The Washington PostDemocracy Dies in Darkness

Tennessee lawmaker suggests burning banned books


An earlier version of this story incorrectly stated the bill is headed to Tennessee Gov. Bill Lee (R) to sign into law. Differences between the versions of the bill passed by the state House and Senate need to be resolved first before it is sent to the governor’s desk, and the story has been corrected.

The Republican-led Tennessee state House passed a bill Wednesday that would require public school librarians to submit to the state a list of book titles for approval, as a GOP lawmaker suggested burning books that are deemed inappropriate.

During a contentious debate on the bill in the House, state Rep. John Ray Clemmons (D) asked state Rep. Jerry Sexton (R) what he would do with the books that he and the state consider inappropriate for libraries.

“You going to put them in the street? Light them on fire? Where are they going?” Clemmons asked.

“I don’t have a clue, but I would burn them,” Sexton replied.

“That’s what I thought,” Clemmons said.

Book burning is emblematic of authoritarian regimes, and it was notably carried out in Nazi Germany. One of the most prominent examples in history occurred May 10, 1933, when students in German universities set fire to more than 25,000 books that were deemed “un-German,” according to the U.S. Holocaust Museum. The action came after some 40,000 people gathered to hear Joseph Goebbels, chief propagandist for the Nazi Party, deliver an address declaring “No to decadence and moral corruption,” according to the museum.

Under the Tennessee House bill, librarians would be required to submit to a state-run commission a list of book titles in their collections for approval. The Tennessee state Senate approved a different version of the bill. After differences between the two are resolved, it will head to Tennessee Gov. Bill Lee (R) to be signed into law.

At the White House on Wednesday at an event honoring teachers, President Biden decried politically motivated efforts targeting books that he argued made teaching even harder.

“There are too many politicians trying to score political points trying to ban books, even math books,” he said, referring to Florida’s recent moves. “Did you ever think when you’d be teaching you’re gonna be worried about book burnings and banning books all because it doesn’t fit somebody’s political agenda?”

According to Fox 17 Nashville, Sexton has defended the measure by saying that currently, “there’s no clear direction … on how these books are getting in there.”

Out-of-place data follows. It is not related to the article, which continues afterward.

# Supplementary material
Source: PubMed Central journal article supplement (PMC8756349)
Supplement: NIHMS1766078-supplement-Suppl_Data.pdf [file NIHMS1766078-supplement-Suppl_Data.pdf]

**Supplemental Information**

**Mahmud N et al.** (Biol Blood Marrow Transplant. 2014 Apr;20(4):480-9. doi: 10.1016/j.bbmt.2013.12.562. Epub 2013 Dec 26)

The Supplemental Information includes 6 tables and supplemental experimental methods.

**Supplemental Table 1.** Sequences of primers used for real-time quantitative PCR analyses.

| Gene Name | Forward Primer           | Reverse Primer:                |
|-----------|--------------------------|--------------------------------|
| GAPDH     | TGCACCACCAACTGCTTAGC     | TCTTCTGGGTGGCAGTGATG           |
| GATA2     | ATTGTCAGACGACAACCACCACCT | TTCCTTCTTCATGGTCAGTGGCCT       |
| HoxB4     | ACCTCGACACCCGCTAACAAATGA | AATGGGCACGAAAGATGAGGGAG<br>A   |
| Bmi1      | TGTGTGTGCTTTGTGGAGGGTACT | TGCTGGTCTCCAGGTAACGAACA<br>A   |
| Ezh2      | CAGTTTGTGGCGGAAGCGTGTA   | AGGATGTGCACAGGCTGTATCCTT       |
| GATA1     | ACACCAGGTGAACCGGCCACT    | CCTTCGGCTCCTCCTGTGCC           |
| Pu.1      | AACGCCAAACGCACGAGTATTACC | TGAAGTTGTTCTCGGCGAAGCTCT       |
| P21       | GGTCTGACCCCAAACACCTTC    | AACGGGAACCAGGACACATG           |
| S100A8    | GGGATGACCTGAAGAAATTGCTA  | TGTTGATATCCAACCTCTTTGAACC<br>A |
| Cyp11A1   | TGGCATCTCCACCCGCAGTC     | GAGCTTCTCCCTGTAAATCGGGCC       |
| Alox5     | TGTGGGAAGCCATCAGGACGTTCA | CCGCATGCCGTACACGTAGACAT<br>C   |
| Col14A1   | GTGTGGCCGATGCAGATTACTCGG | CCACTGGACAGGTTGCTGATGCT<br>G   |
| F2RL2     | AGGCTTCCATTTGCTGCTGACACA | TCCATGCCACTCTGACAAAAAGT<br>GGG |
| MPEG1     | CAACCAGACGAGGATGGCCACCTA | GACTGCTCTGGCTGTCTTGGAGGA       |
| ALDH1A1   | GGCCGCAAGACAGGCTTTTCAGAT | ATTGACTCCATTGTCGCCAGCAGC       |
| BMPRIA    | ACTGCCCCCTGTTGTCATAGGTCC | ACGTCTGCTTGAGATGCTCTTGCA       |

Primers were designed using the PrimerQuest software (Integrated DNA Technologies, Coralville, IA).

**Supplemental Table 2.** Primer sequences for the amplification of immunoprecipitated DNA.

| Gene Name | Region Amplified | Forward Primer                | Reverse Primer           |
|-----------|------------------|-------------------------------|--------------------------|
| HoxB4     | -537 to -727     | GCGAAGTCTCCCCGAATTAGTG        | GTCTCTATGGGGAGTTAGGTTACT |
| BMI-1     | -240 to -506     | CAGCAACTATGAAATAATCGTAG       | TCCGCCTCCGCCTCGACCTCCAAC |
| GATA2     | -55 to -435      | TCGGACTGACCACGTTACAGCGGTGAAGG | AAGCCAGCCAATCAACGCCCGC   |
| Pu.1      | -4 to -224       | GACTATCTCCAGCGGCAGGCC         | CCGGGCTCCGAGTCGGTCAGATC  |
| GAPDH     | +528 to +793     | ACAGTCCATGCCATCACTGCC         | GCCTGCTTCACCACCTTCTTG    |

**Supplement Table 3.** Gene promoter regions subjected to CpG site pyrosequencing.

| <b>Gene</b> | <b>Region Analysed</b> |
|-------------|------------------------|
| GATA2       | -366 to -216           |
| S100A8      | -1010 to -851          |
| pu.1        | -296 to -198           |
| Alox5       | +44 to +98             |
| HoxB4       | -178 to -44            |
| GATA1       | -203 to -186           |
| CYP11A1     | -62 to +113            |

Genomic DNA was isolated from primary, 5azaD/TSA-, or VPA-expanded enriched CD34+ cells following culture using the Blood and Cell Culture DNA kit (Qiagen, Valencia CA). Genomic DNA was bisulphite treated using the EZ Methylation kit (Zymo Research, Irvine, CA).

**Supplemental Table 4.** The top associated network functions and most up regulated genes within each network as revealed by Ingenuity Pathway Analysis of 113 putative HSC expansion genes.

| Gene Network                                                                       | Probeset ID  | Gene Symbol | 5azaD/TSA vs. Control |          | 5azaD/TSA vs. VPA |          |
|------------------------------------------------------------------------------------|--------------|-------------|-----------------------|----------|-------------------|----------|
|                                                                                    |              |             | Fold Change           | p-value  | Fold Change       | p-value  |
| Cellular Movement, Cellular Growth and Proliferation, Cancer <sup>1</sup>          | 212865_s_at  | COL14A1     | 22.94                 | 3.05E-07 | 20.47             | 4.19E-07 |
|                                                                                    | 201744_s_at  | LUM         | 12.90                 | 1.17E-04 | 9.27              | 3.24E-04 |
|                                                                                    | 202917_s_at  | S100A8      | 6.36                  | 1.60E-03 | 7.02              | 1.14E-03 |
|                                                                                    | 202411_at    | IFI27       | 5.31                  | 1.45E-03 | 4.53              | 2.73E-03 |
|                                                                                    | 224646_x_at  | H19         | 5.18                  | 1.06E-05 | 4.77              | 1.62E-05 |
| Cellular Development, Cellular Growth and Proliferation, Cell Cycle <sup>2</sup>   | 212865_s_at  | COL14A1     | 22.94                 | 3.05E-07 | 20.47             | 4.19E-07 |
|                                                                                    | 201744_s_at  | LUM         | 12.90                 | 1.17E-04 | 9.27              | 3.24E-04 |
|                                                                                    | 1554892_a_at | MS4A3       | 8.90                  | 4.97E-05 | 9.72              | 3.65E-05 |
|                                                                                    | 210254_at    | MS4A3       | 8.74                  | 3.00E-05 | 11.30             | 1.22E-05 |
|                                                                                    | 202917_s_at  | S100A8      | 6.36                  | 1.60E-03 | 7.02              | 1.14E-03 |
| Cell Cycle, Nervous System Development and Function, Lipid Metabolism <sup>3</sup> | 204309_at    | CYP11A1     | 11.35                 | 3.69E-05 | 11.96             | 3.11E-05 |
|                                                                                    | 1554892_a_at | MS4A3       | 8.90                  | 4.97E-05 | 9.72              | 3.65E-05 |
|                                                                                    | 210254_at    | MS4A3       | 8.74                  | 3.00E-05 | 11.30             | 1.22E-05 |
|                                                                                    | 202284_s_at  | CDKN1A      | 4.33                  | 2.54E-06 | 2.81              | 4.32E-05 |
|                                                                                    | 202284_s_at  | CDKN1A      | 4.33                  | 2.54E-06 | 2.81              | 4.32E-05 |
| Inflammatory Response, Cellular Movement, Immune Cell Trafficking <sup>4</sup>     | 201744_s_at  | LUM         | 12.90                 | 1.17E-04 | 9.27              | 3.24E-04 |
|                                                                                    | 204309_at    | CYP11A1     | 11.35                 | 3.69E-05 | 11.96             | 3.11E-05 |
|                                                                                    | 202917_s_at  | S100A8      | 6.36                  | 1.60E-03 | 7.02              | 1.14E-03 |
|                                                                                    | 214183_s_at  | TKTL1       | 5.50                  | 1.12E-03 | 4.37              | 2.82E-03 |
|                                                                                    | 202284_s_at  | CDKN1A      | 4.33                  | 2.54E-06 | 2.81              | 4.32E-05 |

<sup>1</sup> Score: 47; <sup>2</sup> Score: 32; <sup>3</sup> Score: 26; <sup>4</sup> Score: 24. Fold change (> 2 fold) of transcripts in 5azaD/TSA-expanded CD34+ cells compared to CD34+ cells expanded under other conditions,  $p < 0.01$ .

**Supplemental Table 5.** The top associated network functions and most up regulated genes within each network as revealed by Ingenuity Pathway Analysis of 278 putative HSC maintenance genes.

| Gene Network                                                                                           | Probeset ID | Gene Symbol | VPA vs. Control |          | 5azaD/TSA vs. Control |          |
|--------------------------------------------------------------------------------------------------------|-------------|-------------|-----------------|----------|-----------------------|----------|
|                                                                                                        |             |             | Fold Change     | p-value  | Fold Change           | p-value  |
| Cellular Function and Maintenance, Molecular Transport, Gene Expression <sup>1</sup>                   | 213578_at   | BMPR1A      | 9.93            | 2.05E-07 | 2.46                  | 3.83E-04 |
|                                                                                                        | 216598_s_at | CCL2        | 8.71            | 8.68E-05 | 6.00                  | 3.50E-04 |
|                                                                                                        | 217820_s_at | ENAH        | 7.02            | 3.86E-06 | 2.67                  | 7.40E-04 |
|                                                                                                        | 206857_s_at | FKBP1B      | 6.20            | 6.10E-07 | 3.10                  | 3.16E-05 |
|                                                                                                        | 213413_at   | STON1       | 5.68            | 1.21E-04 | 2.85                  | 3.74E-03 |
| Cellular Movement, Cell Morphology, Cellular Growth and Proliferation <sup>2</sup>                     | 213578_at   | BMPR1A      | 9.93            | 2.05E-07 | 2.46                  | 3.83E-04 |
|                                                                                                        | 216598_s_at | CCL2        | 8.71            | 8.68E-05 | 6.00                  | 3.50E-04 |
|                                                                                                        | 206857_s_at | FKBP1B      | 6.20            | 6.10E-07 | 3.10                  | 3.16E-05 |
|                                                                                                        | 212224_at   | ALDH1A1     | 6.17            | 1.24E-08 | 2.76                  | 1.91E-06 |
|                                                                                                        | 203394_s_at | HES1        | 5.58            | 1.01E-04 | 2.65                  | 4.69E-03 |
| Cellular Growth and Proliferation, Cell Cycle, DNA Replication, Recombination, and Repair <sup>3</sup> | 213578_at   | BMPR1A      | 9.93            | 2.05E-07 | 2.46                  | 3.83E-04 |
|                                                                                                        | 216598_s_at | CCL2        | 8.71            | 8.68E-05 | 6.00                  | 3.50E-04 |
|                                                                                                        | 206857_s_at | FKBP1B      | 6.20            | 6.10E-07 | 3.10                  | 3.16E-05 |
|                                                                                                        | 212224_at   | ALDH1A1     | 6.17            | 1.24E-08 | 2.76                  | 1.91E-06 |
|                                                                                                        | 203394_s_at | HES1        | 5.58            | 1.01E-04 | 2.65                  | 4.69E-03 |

The bill, according to Sexton, would also allow parents to flag books on librarians’ lists “that they don’t like,” allowing them to “appeal” to authorities on the book’s future on the shelves.

Democrats and education organizations have fought the measure. In a statement Tuesday, the Tennessee Association of School Librarians called it “gross government overreach” and not in the best interest of the state’s students.

“History hasn’t looked fondly on those who banned books or those who burn books. I’m not sure that’s who we want to be included with,” state Rep. Gloria Johnson (D) said.

After the Tennessee House voted to pass the bill, Clemmons said he was “speechless.”

“Here’s the final vote on the GOP ‘book burning bill,’ ” Clemmons tweeted. “I can refer to the bill by this name, bc the bill’s floor sponsor literally just said he’d burn the books removed from the bookshelves. And he said it on the #TN House floor.”

The Tennessee bill comes amid a “historic effort” by conservative groups across the country to ban books and teaching materials that they find objectionable, often publications that touch on racism, gender, politics and sexual identity, according to the American Library Association’s annual report on book censorship.

“These groups sought to pull books from school and public library shelves that share the stories of people who are gay, trans, Black, Indigenous, people of color, immigrants, and refugees,” the ALA said in its report. “But we know that banning books won’t make these realities and lived experiences disappear, nor will it erase our nation’s struggles to realize true equity, diversity, and inclusion.”

The ALA said it had tracked 729 attempts to remove library, school and university materials in 2021, leading to 1,597 book challenges or removals — the highest number recorded since the association began tracking the phenomenon 20 years ago.

Hannah Natanson contributed to this report.